May 312010
 

(Part 1 of a 3 part series – follow the links at the bottom of each article to the next part)

Wired Magazine released its first ever iPad edition of its monthly magazine on Wednesday.  But whereas you can readily subscribe to the print magazine for 83c an issue, each electronic issue costs $5.  What is it – and is it six times better (as well as six times more expensive)?

iPad – Friend or Foe of Print Publications?

One of the possible uses of an iPad is to read not only books but also newspapers and magazines.  In an interesting duality, the iPad may serve both to hasten the steady demise of ‘old fashioned’ print media and also some people hope it may become the salvation of currently print based publications.

The dream/hope of old media is that they can electronically distribute their publications via iPads and other similar tablet devices.  This – they hope – will cut down on their present distribution costs.  Currently the cost of a magazine or newspaper basically and barely covers its distribution costs – it is the advertising that makes money for the publisher, not the issue price.

Publishers also hope that a new format will enable them to reclaim subscribers who have left them, and allow them to get new subscribers too.

The economics are certainly appealing.  For example, in Wired’s case, if it currently nets very little or nothing from either its cover price or net subscription fee.  Being able to charge $5 per electronic issue and keep 70% of this (if sold through the iTunes store) or close to all of it (if sold directly to readers) would be a massive income boost, quite apart from protecting or growing its circulation and potentially its advertising revenue too.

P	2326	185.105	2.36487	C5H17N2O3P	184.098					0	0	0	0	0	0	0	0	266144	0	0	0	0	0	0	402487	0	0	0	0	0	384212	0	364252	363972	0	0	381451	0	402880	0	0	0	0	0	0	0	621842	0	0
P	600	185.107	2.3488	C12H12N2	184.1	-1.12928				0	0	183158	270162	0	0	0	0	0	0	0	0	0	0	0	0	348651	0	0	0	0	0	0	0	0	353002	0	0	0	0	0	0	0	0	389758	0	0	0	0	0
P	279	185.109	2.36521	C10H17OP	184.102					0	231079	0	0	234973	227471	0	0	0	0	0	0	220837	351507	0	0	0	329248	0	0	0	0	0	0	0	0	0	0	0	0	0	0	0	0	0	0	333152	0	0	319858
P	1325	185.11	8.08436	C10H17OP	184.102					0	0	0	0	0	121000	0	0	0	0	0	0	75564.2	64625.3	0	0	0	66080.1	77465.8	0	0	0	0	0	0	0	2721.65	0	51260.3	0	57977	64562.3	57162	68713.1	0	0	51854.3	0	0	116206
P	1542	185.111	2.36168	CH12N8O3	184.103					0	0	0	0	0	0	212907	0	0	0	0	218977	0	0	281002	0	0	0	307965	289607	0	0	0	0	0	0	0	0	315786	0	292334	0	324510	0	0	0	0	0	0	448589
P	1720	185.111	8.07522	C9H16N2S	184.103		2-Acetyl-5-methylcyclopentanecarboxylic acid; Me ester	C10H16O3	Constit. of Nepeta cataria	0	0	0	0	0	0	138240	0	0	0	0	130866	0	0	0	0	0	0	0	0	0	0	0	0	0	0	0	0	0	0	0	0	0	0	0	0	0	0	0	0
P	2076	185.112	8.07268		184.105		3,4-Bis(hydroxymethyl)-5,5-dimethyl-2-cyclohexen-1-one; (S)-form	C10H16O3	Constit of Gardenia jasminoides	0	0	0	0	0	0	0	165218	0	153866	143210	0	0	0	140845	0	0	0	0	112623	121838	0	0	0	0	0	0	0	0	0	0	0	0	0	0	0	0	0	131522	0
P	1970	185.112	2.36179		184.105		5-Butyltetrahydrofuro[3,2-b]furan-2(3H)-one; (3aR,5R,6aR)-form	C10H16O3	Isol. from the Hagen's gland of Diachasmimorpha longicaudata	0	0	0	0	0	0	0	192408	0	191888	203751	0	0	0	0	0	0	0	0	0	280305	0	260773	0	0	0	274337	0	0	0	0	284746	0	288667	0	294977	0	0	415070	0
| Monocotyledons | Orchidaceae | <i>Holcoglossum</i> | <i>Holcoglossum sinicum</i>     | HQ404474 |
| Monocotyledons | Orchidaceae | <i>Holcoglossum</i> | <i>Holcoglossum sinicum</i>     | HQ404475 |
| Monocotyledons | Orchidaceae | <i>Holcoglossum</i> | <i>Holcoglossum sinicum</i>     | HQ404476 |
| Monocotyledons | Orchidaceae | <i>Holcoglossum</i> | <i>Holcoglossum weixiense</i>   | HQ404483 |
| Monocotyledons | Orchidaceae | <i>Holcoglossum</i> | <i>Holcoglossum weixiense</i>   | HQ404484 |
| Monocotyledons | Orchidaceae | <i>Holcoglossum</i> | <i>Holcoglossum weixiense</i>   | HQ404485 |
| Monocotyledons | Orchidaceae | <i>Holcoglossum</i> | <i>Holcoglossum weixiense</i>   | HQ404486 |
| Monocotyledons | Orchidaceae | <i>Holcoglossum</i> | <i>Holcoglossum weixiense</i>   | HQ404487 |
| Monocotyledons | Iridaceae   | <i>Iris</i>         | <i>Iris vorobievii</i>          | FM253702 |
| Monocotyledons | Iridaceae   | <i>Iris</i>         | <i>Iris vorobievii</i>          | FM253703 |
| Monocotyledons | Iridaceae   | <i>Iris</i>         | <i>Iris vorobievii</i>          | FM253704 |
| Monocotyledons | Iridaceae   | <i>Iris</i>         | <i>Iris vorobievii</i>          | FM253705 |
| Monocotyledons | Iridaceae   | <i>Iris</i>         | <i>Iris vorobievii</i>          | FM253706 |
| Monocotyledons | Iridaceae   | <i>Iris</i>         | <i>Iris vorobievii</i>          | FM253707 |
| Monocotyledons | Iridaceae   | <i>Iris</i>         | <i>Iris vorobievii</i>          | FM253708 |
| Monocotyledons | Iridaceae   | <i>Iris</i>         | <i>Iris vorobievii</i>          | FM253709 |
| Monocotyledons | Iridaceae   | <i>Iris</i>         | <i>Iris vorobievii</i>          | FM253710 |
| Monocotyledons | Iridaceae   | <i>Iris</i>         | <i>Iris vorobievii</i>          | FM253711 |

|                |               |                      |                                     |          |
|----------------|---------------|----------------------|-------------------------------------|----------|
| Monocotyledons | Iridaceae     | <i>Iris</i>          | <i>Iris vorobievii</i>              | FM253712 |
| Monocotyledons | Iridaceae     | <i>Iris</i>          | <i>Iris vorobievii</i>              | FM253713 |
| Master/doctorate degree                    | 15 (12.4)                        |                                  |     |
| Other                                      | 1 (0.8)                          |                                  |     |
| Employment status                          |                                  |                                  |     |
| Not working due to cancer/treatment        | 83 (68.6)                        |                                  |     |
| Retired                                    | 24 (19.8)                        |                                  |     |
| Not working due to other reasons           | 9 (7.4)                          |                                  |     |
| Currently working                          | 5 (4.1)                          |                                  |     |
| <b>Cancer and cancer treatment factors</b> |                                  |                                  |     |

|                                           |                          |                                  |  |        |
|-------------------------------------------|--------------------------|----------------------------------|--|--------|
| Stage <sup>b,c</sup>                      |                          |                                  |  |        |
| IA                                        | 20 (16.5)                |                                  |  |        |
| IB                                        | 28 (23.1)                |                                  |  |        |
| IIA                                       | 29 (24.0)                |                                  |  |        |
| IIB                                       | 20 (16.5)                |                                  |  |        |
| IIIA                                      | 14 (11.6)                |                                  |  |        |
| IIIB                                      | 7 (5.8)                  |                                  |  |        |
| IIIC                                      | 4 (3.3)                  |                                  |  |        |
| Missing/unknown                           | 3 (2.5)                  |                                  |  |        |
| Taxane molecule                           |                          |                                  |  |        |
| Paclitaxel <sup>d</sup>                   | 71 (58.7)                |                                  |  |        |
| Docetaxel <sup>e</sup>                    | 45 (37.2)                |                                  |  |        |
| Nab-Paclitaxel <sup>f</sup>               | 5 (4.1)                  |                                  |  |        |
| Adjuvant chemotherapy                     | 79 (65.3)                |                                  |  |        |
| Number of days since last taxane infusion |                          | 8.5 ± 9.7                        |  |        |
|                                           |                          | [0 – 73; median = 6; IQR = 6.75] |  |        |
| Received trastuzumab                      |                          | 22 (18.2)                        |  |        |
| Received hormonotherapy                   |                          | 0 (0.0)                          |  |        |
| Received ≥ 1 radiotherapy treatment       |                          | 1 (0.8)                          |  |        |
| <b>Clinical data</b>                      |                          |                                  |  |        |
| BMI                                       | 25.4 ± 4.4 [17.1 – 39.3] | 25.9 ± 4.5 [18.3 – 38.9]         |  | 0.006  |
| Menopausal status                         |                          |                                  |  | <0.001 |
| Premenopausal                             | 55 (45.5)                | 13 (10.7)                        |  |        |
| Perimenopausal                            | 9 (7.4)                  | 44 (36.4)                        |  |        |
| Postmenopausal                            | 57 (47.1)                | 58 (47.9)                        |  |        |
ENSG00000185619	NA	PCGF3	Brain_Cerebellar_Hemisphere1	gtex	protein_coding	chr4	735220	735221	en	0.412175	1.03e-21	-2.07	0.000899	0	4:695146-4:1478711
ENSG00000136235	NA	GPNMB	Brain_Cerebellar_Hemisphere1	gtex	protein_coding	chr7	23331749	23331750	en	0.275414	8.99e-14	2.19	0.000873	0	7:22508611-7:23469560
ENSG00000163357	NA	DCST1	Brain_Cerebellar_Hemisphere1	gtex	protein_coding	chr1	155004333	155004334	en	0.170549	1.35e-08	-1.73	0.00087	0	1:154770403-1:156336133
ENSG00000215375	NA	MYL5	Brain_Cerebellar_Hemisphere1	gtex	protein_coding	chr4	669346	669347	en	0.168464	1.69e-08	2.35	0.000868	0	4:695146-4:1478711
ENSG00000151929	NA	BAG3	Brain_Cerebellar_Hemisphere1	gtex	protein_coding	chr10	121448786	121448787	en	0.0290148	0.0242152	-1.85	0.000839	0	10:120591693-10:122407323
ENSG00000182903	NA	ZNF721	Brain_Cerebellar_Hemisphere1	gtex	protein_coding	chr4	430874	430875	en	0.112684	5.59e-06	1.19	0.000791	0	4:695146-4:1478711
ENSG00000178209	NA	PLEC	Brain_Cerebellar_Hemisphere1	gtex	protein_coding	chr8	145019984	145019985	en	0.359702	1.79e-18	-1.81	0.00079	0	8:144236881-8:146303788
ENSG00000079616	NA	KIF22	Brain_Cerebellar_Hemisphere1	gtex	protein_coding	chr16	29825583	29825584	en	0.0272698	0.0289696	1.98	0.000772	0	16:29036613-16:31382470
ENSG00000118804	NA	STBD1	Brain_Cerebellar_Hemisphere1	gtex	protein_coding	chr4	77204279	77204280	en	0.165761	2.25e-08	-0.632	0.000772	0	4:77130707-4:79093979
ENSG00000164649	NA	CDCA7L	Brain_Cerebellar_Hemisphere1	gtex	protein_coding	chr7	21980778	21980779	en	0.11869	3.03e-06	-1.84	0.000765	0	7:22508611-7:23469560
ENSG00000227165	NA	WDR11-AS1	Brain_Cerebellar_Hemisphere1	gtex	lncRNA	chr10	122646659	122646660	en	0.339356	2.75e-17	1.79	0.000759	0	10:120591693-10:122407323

So far, so good.  But the reality is more complex than the theory.  Let’s first look at the general issues surrounding e-publishing a formerly print based magazine or newsletter, and then in the second part of this article series see how well Wired balances the different aspects of e-publishing.  The third part has some sample screen shots.

The Need for a New Publishing Paradigm

There is nothing new in the basic concept of having electronic versions of print publications.  Many newspapers and magazines have some form of online presence, allowing some or all of their printed contents to be available online through the internet and a regular web browser, either for free or perhaps charged on some basis or another.

In some cases, publications offer a pdf version of their printed publication that looks exactly the same.  This is the least common way to present a print publication online, because typically most computer screens are too small and lack the high resolution needed to make the small print and large page size (particularly in a newspaper) easy to read online.

There are several ways of presenting publications online in more or less the identical format to their print layout, but these don’t work very well, for the reasons above – they all need magnifiers of some sort or another, and end up being too ‘linear’ – ie, needing to go through the publication page by page, and not being able to conveniently jump around from section to section, from hotlink to hotlink.